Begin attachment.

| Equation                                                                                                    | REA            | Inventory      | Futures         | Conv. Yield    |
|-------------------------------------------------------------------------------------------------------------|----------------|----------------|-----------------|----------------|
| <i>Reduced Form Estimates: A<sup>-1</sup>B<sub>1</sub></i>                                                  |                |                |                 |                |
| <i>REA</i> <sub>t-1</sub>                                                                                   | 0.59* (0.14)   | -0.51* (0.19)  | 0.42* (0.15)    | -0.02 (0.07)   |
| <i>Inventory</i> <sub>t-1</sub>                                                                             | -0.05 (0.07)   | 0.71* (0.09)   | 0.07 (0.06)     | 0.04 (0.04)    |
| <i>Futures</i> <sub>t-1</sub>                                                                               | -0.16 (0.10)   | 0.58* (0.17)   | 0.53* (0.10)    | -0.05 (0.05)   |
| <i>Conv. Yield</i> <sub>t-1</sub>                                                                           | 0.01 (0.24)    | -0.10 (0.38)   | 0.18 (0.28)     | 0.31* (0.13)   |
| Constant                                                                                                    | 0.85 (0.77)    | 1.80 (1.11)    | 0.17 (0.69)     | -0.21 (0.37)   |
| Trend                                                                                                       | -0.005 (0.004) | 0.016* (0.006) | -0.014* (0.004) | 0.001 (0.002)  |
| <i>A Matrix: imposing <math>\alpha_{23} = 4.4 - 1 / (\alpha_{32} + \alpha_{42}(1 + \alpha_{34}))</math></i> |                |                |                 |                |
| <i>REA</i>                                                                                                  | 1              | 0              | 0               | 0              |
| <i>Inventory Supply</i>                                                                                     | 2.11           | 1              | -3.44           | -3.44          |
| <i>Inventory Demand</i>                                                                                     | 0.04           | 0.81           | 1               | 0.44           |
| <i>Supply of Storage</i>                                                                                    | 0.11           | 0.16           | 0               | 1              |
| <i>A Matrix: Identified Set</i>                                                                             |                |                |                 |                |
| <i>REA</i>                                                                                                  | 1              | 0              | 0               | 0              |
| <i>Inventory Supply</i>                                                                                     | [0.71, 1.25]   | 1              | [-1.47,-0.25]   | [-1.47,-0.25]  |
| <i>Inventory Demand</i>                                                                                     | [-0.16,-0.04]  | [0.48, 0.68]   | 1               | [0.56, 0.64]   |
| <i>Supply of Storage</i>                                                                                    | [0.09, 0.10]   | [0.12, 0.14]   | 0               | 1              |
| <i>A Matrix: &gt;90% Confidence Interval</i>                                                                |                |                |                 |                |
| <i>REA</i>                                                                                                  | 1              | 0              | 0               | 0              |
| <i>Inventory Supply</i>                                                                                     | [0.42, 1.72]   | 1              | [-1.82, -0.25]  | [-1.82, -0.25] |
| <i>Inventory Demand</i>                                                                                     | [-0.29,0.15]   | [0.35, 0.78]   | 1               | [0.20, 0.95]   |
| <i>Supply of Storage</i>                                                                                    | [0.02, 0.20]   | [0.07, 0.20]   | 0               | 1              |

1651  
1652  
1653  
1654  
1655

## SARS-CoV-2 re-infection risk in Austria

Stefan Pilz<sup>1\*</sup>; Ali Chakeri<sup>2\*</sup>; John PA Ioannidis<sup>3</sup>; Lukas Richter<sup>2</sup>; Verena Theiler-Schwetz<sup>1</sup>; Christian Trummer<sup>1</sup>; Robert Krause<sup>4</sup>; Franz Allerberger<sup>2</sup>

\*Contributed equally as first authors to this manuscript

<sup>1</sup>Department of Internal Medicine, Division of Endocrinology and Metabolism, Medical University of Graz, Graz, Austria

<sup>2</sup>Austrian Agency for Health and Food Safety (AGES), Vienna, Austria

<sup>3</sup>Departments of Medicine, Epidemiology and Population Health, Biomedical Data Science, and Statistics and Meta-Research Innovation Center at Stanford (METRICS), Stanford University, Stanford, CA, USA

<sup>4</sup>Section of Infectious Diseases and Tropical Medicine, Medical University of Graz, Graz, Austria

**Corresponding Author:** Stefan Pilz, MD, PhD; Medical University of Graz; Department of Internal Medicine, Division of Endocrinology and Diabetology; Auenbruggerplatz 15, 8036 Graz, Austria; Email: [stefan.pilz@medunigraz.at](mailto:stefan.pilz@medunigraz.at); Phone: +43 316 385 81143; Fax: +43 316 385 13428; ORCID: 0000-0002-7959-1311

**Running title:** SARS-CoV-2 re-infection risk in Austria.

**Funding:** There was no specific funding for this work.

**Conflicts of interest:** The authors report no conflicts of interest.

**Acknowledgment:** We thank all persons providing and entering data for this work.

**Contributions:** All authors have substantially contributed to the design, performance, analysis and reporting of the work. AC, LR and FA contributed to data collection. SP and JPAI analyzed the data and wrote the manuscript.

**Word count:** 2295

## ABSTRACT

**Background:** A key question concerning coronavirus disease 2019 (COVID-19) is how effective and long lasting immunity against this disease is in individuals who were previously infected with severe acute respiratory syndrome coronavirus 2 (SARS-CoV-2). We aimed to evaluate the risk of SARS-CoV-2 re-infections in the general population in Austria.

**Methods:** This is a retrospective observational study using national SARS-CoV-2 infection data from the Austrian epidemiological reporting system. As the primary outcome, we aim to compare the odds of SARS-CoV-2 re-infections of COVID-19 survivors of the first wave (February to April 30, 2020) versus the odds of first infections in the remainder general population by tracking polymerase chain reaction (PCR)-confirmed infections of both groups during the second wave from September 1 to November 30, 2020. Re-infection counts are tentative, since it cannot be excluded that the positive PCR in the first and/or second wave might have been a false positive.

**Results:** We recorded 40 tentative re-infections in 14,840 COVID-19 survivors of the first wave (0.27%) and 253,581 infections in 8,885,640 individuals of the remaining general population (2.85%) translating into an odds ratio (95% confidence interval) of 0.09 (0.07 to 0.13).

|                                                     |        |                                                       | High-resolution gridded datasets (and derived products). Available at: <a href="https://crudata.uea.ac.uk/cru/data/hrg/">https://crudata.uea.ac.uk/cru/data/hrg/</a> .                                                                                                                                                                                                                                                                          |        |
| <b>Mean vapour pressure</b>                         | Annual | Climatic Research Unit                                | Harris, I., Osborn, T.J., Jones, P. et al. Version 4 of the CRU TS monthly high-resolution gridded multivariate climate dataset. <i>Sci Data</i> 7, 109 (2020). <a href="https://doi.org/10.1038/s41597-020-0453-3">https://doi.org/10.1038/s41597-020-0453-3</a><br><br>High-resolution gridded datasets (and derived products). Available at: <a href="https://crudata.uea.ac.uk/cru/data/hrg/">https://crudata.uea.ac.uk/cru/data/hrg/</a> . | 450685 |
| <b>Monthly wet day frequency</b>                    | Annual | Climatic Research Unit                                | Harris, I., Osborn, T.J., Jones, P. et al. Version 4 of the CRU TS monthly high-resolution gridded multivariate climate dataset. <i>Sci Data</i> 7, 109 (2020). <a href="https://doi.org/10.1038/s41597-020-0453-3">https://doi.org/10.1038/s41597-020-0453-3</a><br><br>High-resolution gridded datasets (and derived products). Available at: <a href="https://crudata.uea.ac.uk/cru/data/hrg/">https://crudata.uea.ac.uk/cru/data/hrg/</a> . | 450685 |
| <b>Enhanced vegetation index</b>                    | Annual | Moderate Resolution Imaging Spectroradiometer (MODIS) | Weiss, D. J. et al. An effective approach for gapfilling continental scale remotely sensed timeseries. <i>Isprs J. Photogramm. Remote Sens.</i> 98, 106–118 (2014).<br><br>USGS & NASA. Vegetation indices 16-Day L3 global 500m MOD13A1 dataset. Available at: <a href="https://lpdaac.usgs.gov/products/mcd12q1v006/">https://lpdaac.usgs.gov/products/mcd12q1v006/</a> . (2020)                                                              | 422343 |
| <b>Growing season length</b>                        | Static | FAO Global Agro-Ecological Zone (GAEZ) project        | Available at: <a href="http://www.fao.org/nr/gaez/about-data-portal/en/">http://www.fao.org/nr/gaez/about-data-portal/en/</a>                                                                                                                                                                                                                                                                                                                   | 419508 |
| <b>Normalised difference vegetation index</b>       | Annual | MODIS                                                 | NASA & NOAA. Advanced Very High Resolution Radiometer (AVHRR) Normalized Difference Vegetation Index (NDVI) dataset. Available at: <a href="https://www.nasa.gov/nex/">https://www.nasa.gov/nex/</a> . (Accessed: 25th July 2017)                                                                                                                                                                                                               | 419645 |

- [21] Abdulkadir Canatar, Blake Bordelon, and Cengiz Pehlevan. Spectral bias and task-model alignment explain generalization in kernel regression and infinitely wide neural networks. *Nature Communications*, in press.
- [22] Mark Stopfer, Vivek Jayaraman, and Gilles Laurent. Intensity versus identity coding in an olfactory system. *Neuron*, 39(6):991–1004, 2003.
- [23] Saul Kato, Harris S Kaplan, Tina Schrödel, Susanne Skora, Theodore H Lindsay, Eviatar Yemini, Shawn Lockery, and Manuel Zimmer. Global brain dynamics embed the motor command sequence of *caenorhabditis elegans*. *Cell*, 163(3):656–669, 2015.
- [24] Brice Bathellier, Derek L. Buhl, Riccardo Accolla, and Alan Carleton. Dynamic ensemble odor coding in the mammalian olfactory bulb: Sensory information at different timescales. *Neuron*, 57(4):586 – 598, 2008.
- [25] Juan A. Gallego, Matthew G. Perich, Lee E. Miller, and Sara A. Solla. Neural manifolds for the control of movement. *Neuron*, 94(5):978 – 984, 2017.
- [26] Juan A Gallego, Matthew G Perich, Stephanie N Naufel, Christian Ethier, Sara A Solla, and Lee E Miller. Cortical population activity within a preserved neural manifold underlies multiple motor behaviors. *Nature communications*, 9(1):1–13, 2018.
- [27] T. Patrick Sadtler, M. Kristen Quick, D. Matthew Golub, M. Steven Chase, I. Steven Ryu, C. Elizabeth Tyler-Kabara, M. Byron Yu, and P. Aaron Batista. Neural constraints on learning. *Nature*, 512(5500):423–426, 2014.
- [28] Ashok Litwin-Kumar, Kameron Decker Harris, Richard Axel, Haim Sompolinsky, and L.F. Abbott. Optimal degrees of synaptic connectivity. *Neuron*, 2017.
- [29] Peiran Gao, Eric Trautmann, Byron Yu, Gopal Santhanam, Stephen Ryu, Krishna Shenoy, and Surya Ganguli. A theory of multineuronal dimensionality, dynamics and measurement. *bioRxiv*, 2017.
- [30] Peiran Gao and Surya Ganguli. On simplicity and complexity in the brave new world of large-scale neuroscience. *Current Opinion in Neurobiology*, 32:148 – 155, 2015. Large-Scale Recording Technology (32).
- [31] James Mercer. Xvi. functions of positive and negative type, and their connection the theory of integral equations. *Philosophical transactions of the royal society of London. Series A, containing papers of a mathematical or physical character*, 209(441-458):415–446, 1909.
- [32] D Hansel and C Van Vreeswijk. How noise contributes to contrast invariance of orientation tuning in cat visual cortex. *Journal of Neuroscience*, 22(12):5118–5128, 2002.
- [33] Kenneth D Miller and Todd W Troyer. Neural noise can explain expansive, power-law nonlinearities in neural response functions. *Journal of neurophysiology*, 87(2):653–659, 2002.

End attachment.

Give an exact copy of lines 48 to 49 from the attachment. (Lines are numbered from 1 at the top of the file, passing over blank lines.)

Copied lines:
|                                                     |        |                                                       | High-resolution gridded datasets (and derived products). Available at: <a href="https://crudata.uea.ac.uk/cru/data/hrg/">https://crudata.uea.ac.uk/cru/data/hrg/</a> .                                                                                                                                                                                                                                                                          |        |
| <b>Mean vapour pressure</b>                         | Annual | Climatic Research Unit                                | Harris, I., Osborn, T.J., Jones, P. et al. Version 4 of the CRU TS monthly high-resolution gridded multivariate climate dataset. <i>Sci Data</i> 7, 109 (2020). <a href="https://doi.org/10.1038/s41597-020-0453-3">https://doi.org/10.1038/s41597-020-0453-3</a><br><br>High-resolution gridded datasets (and derived products). Available at: <a href="https://crudata.uea.ac.uk/cru/data/hrg/">https://crudata.uea.ac.uk/cru/data/hrg/</a> . | 450685 |